As far as Moore Medical Corp.’s stock price is concerned, not much has changed since the end of 1993, when the American Stock Exchange listed its market price as $13-5/8 per share. As of early September 1998, Moore’s stock was trading at $13-1/2-nearly the same price paid five years earlier.
But little else about Moore remains unchanged, even from one year ago. The cataloger’s wholesale drug distribution business, established in the 1940s, is gone, and with it, 60% of the company’s net sales, reported at $289 million for the year ended Jan. 3. Gone too are 60-70 employees-about 20% of Moore’s work force.
But the company remains optimistic that the liquidation of its wholesale drug distribution business will allow Moore to devote all its resources to its more profitable medical and surgical supply business. “Our medical supply sales grew 15% in the first half of 1998,” says John Murray, director of business development for New Britain, CT-based Moore. “Our goal is to continue to grow at that rate, or faster. But profitable growth is more important to us than growth for growth’s sake.”
The company’s profit margins illustrate the difference. Although 1998 second-quarter sales, at $30 million, are more than 60% lower than last year’s second-quarter sales, 1998’s second-quarter income of $709,000 is 167% higher than last year’s. Meanwhile, earnings per share rose from $0.09 for the second quarter of 1997 to $0.24 for the second quarter of 1998.
Ironically, given that Moore was once known for its line of generic pharmaceutical supplies, Murray blames the low margins of pharmaceuticals for the demise of its wholesale drug business. “Drugstores bought generics from us when we had them for a lower price,” he explains, “but when generics got to be a bigger part of the marketplace and our larger competitors sold them, we could no longer compete on price,” especially as Moore had only 1% of the $11.5 billion pharmaceutical market. “The large distributors to drugstores are not catalogs. It’s generally not how the stores do business. They buy from sales reps, and most of our competitors were selling one- to two-year contracts, effectively keeping us out of the picture.”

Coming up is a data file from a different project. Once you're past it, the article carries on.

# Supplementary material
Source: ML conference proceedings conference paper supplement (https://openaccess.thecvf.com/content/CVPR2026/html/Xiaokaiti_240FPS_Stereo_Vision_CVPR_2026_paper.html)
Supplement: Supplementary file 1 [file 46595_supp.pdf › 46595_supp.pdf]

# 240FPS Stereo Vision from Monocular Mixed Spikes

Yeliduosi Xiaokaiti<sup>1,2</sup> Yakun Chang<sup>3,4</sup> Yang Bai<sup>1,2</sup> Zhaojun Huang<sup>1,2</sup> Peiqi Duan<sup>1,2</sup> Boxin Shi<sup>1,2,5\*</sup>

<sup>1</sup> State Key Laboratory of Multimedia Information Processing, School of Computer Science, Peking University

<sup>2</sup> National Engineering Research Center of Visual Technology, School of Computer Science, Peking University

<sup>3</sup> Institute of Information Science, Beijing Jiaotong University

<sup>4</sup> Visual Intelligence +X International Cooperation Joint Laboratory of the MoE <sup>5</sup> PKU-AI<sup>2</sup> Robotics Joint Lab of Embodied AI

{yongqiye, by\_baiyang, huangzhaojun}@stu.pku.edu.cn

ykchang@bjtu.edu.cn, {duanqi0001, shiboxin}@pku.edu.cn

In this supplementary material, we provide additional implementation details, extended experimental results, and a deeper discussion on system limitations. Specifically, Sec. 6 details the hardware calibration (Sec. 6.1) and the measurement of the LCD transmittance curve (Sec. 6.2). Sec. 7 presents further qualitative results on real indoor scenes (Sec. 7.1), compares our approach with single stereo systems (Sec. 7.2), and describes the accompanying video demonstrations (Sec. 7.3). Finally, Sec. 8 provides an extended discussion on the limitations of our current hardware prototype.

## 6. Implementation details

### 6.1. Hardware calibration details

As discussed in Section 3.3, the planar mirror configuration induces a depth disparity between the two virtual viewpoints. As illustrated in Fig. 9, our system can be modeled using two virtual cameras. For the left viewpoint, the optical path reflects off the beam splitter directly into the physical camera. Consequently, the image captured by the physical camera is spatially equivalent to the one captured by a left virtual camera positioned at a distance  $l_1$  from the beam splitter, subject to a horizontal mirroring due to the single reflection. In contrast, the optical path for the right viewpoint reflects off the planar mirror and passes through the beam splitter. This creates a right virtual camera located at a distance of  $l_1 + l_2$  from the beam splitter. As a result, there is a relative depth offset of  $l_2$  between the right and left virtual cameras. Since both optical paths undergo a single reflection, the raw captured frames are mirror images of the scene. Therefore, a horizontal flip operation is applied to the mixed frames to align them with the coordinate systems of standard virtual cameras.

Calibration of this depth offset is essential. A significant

Potential sale canceled Murray says the board of directors considered other options before deciding to liquidate the wholesale drug business. “By 1997, the company had been going sideways for three or four years,” he notes. “In the spring of ’97, the board decided to put the company on the market, and after talking to some suitors, it became clear that there was great value in the medical and surgical supplies business but little value in the pharmaceutical business.”
But now that Moore has shed its less valuable drug division, “the company is no longer for sale,” Murray insists. “Our intention is to keep this business and grow it,” he says.